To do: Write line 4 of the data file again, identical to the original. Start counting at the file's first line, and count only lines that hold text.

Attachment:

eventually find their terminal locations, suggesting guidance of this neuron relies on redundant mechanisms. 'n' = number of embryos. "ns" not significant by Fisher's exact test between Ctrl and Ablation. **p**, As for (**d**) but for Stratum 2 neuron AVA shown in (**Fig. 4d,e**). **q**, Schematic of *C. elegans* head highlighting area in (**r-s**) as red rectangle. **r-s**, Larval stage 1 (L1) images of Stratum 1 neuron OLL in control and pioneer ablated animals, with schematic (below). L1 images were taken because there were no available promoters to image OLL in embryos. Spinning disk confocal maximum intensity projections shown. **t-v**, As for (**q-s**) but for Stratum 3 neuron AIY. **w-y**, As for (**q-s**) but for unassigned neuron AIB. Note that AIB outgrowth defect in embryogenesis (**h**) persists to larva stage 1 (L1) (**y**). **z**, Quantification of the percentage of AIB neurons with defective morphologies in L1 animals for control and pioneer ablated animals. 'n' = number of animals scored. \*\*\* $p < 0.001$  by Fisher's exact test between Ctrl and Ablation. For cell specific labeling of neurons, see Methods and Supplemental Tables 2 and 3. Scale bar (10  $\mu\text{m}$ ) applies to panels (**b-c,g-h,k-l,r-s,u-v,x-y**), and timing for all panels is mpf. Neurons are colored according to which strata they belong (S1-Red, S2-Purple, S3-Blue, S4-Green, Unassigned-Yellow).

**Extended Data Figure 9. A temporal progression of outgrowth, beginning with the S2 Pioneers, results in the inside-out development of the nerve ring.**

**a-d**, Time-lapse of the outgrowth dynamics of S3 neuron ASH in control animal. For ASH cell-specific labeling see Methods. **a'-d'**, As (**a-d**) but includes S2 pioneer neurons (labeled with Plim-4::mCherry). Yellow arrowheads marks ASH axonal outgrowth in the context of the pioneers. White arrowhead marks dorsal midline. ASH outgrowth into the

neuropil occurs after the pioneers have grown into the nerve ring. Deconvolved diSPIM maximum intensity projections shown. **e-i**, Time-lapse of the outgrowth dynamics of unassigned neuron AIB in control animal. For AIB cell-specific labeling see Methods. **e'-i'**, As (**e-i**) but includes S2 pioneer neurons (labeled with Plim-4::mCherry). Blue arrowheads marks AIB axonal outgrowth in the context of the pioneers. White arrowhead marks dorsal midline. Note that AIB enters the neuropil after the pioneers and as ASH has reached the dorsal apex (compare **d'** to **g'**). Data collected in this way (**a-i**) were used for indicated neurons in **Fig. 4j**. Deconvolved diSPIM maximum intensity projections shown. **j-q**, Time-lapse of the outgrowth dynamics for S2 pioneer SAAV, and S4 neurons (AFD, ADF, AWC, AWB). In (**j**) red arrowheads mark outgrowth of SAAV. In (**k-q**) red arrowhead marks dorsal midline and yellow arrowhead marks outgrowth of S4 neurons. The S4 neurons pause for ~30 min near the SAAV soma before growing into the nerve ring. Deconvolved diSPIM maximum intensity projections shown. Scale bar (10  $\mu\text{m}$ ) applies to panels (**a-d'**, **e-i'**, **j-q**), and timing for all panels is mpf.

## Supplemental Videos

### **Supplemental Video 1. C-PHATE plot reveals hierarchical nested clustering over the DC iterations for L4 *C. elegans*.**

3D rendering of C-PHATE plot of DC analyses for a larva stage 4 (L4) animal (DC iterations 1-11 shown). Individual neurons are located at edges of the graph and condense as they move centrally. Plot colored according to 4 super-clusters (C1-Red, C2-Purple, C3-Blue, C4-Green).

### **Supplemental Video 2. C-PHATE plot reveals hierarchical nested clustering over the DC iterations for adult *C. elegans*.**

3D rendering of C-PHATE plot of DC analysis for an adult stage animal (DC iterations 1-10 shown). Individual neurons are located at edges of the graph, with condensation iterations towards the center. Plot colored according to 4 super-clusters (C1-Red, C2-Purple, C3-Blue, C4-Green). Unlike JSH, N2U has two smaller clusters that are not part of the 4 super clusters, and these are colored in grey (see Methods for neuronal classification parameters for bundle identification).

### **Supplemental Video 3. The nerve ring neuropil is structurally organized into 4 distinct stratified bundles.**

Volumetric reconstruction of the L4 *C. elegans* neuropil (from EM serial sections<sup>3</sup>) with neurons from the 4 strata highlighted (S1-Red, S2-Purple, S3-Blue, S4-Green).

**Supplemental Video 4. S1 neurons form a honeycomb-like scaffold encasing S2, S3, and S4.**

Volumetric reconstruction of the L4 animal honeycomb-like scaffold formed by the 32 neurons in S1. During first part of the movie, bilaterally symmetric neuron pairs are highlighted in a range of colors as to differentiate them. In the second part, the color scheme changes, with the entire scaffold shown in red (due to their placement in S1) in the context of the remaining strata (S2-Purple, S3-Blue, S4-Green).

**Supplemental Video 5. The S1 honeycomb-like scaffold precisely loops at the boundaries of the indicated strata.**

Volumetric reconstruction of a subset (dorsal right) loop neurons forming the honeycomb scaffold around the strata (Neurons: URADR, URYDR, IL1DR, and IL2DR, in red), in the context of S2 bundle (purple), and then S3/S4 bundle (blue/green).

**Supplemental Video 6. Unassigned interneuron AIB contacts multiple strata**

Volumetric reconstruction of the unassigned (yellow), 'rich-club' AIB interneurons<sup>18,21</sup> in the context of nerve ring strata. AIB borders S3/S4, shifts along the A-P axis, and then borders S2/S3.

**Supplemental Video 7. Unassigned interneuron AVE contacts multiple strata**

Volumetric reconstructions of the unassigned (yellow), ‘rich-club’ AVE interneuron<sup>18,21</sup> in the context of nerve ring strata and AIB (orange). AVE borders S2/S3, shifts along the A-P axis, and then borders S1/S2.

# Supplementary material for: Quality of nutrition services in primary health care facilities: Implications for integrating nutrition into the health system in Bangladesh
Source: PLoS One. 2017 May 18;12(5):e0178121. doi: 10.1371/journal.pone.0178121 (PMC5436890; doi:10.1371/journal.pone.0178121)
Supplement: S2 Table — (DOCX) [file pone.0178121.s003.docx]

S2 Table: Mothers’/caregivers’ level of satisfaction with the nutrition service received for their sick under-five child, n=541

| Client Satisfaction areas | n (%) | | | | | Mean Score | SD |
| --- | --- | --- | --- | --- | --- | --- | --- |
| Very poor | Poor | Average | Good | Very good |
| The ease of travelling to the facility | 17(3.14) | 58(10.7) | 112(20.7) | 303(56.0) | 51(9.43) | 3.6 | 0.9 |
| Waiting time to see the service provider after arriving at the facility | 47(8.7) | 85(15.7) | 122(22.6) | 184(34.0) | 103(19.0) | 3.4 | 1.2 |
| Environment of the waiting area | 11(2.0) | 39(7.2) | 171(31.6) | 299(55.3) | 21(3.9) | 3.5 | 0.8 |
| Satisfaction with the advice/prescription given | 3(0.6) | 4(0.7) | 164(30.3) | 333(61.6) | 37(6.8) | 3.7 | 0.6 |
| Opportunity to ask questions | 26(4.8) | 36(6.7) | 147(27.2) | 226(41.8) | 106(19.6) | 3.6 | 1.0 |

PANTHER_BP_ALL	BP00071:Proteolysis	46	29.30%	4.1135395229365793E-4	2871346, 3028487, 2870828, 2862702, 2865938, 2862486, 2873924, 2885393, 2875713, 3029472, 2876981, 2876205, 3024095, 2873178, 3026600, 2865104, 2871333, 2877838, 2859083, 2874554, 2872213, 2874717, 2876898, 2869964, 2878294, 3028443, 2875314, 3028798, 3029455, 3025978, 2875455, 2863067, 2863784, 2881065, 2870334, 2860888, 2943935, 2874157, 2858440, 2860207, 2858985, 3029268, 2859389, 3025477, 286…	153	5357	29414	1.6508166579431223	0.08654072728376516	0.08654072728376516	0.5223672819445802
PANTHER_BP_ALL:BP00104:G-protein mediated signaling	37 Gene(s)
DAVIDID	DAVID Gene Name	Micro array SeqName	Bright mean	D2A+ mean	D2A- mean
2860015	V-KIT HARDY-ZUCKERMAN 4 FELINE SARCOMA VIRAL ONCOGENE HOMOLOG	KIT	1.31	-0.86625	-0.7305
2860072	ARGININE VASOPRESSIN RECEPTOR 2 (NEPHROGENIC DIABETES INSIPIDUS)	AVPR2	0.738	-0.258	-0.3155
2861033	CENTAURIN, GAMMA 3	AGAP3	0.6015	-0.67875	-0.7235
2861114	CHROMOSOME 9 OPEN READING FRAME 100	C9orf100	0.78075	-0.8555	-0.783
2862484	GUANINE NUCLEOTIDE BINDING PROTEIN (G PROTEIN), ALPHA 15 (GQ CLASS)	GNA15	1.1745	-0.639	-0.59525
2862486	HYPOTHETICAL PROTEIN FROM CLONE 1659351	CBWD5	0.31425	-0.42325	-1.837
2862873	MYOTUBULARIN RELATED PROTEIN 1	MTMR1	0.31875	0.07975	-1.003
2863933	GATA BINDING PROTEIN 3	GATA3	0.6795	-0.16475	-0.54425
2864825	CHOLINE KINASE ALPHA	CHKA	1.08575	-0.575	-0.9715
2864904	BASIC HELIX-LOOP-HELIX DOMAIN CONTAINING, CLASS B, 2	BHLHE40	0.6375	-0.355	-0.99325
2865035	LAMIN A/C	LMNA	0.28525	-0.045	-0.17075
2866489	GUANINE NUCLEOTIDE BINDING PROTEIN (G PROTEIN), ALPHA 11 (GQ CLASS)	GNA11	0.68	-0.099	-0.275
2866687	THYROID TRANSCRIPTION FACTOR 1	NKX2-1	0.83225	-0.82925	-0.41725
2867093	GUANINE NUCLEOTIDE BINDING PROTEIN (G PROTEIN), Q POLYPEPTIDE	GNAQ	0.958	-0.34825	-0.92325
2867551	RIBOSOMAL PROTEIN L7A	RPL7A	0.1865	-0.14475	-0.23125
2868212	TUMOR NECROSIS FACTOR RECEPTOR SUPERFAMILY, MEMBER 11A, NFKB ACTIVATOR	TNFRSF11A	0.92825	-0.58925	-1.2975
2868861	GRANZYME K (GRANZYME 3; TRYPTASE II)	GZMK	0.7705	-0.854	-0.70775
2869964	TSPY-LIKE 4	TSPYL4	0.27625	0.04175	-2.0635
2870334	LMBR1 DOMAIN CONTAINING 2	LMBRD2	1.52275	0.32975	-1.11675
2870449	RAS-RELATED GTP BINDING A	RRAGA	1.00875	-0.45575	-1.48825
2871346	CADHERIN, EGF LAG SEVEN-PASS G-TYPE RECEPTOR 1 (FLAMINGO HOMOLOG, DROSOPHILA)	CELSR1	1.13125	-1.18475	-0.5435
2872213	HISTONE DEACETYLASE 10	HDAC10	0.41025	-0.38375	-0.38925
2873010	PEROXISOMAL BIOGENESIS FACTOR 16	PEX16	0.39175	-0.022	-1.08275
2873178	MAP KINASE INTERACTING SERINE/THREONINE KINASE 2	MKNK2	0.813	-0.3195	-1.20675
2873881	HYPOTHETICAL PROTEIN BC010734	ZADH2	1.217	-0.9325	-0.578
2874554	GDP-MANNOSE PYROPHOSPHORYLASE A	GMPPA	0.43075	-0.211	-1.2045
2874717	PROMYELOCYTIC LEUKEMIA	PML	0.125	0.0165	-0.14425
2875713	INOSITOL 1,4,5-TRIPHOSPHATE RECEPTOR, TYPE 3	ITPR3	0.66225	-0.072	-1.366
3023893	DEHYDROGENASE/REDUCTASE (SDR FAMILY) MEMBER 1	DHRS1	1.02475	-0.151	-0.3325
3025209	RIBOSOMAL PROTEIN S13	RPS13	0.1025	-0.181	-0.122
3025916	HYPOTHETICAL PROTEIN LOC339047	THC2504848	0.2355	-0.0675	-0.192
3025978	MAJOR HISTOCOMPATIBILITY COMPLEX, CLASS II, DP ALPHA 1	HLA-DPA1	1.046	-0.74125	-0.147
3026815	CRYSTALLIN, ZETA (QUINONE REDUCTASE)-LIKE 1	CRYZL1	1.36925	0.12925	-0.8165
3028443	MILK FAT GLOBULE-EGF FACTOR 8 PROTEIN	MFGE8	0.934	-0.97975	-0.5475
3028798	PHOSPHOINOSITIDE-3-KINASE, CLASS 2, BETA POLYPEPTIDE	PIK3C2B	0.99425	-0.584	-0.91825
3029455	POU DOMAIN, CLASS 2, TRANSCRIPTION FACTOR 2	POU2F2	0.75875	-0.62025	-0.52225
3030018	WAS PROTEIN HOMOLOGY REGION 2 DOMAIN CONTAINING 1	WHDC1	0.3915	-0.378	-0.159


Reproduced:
neuropil occurs after the pioneers have grown into the nerve ring. Deconvolved diSPIM maximum intensity projections shown. **e-i**, Time-lapse of the outgrowth dynamics of unassigned neuron AIB in control animal. For AIB cell-specific labeling see Methods. **e'-i'**, As (**e-i**) but includes S2 pioneer neurons (labeled with Plim-4::mCherry). Blue arrowheads marks AIB axonal outgrowth in the context of the pioneers. White arrowhead marks dorsal midline. Note that AIB enters the neuropil after the pioneers and as ASH has reached the dorsal apex (compare **d'** to **g'**). Data collected in this way (**a-i**) were used for indicated neurons in **Fig. 4j**. Deconvolved diSPIM maximum intensity projections shown. **j-q**, Time-lapse of the outgrowth dynamics for S2 pioneer SAAV, and S4 neurons (AFD, ADF, AWC, AWB). In (**j**) red arrowheads mark outgrowth of SAAV. In (**k-q**) red arrowhead marks dorsal midline and yellow arrowhead marks outgrowth of S4 neurons. The S4 neurons pause for ~30 min near the SAAV soma before growing into the nerve ring. Deconvolved diSPIM maximum intensity projections shown. Scale bar (10  $\mu\text{m}$ ) applies to panels (**a-d'**, **e-i'**, **j-q**), and timing for all panels is mpf.